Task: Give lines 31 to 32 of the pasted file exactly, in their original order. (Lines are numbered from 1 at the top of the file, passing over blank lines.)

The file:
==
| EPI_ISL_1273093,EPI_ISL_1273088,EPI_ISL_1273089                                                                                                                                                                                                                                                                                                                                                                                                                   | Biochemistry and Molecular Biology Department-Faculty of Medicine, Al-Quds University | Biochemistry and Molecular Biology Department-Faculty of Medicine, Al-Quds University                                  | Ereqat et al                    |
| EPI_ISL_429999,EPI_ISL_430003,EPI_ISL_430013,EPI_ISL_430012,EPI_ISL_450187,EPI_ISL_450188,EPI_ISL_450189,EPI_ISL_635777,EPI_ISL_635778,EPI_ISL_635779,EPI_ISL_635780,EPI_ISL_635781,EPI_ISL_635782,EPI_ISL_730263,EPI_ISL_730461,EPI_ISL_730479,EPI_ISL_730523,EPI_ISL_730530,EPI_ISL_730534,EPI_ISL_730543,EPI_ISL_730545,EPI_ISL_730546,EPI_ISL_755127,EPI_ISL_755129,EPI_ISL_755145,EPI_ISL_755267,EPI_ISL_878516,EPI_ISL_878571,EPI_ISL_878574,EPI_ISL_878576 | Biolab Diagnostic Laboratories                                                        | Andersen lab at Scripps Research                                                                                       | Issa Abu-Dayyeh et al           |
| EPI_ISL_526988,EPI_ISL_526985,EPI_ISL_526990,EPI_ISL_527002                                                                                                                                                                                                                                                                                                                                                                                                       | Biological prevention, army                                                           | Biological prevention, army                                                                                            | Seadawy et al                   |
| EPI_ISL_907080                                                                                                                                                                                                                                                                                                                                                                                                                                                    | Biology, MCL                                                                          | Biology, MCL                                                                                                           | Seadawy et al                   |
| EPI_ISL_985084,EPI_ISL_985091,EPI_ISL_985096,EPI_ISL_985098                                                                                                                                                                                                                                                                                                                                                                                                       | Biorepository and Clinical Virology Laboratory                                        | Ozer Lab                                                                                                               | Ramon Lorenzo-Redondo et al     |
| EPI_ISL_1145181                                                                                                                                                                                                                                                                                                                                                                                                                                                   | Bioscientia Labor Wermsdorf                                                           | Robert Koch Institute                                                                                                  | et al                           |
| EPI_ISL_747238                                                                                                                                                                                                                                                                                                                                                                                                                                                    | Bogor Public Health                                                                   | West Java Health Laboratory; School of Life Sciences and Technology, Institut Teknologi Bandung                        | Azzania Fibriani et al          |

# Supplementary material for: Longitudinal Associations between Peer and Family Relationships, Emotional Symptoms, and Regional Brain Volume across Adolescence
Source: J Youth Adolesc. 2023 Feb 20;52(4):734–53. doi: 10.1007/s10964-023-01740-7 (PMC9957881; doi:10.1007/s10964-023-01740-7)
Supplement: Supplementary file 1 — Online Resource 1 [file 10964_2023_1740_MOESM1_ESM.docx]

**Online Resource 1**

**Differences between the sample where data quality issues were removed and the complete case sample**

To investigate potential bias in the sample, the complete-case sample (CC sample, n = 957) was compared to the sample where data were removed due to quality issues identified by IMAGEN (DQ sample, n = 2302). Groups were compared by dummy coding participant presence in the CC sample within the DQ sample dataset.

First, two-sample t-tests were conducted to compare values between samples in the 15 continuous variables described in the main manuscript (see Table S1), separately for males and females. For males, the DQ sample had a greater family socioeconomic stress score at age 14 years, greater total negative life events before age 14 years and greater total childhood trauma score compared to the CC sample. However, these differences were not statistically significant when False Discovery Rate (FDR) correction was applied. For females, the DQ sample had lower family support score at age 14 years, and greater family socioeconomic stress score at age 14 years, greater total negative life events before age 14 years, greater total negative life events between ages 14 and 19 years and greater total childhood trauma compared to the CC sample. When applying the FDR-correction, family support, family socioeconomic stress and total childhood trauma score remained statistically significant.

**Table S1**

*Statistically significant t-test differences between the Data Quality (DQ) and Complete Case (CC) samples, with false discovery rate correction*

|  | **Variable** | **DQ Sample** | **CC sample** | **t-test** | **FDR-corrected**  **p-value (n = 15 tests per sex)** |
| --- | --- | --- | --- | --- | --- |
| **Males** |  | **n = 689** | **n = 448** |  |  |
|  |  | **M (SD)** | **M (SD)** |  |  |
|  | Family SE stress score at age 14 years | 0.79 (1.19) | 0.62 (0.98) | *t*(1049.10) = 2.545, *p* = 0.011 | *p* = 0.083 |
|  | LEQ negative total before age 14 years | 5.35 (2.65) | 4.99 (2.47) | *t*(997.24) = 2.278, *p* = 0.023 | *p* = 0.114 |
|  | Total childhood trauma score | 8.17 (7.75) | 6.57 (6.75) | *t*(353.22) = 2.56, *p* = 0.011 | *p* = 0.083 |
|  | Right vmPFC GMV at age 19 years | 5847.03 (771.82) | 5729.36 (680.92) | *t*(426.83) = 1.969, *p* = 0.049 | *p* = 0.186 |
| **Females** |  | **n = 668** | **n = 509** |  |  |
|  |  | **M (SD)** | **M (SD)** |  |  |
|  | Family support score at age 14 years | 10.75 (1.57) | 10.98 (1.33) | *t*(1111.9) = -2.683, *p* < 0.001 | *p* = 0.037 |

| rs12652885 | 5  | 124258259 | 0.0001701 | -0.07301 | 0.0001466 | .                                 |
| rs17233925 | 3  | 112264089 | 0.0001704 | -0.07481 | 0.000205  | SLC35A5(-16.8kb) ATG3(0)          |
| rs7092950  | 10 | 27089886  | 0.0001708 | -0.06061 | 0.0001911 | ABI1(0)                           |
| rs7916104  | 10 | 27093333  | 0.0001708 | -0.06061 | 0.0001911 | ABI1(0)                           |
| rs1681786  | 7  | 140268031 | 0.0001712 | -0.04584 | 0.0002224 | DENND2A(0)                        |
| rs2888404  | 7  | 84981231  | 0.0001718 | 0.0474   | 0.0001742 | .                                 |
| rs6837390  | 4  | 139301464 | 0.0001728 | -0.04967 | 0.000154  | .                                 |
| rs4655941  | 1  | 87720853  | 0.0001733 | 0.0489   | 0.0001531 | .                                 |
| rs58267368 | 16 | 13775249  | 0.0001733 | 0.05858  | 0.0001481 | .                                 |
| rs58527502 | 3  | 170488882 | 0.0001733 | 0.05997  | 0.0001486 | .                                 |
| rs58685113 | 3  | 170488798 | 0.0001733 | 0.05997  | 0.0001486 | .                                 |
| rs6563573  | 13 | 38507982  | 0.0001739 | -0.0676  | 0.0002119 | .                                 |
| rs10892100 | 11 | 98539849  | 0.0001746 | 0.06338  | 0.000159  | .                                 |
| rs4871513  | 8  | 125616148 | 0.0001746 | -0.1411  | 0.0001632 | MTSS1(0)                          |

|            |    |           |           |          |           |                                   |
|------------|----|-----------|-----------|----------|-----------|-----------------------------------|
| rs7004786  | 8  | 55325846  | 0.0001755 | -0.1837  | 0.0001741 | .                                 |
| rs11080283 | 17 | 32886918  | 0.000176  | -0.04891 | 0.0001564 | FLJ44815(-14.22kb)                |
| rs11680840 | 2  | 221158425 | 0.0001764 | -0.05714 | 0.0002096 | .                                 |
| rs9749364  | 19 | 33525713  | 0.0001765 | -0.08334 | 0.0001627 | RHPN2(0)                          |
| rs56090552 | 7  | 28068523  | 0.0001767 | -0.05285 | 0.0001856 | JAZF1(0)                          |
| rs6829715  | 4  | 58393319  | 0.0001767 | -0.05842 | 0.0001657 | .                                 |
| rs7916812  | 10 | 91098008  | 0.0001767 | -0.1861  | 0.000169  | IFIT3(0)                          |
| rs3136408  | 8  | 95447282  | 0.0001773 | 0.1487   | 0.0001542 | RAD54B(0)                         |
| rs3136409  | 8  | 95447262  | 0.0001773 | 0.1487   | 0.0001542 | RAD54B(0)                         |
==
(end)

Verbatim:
| rs7916104  | 10 | 27093333  | 0.0001708 | -0.06061 | 0.0001911 | ABI1(0)                           |
| rs1681786  | 7  | 140268031 | 0.0001712 | -0.04584 | 0.0002224 | DENND2A(0)                        |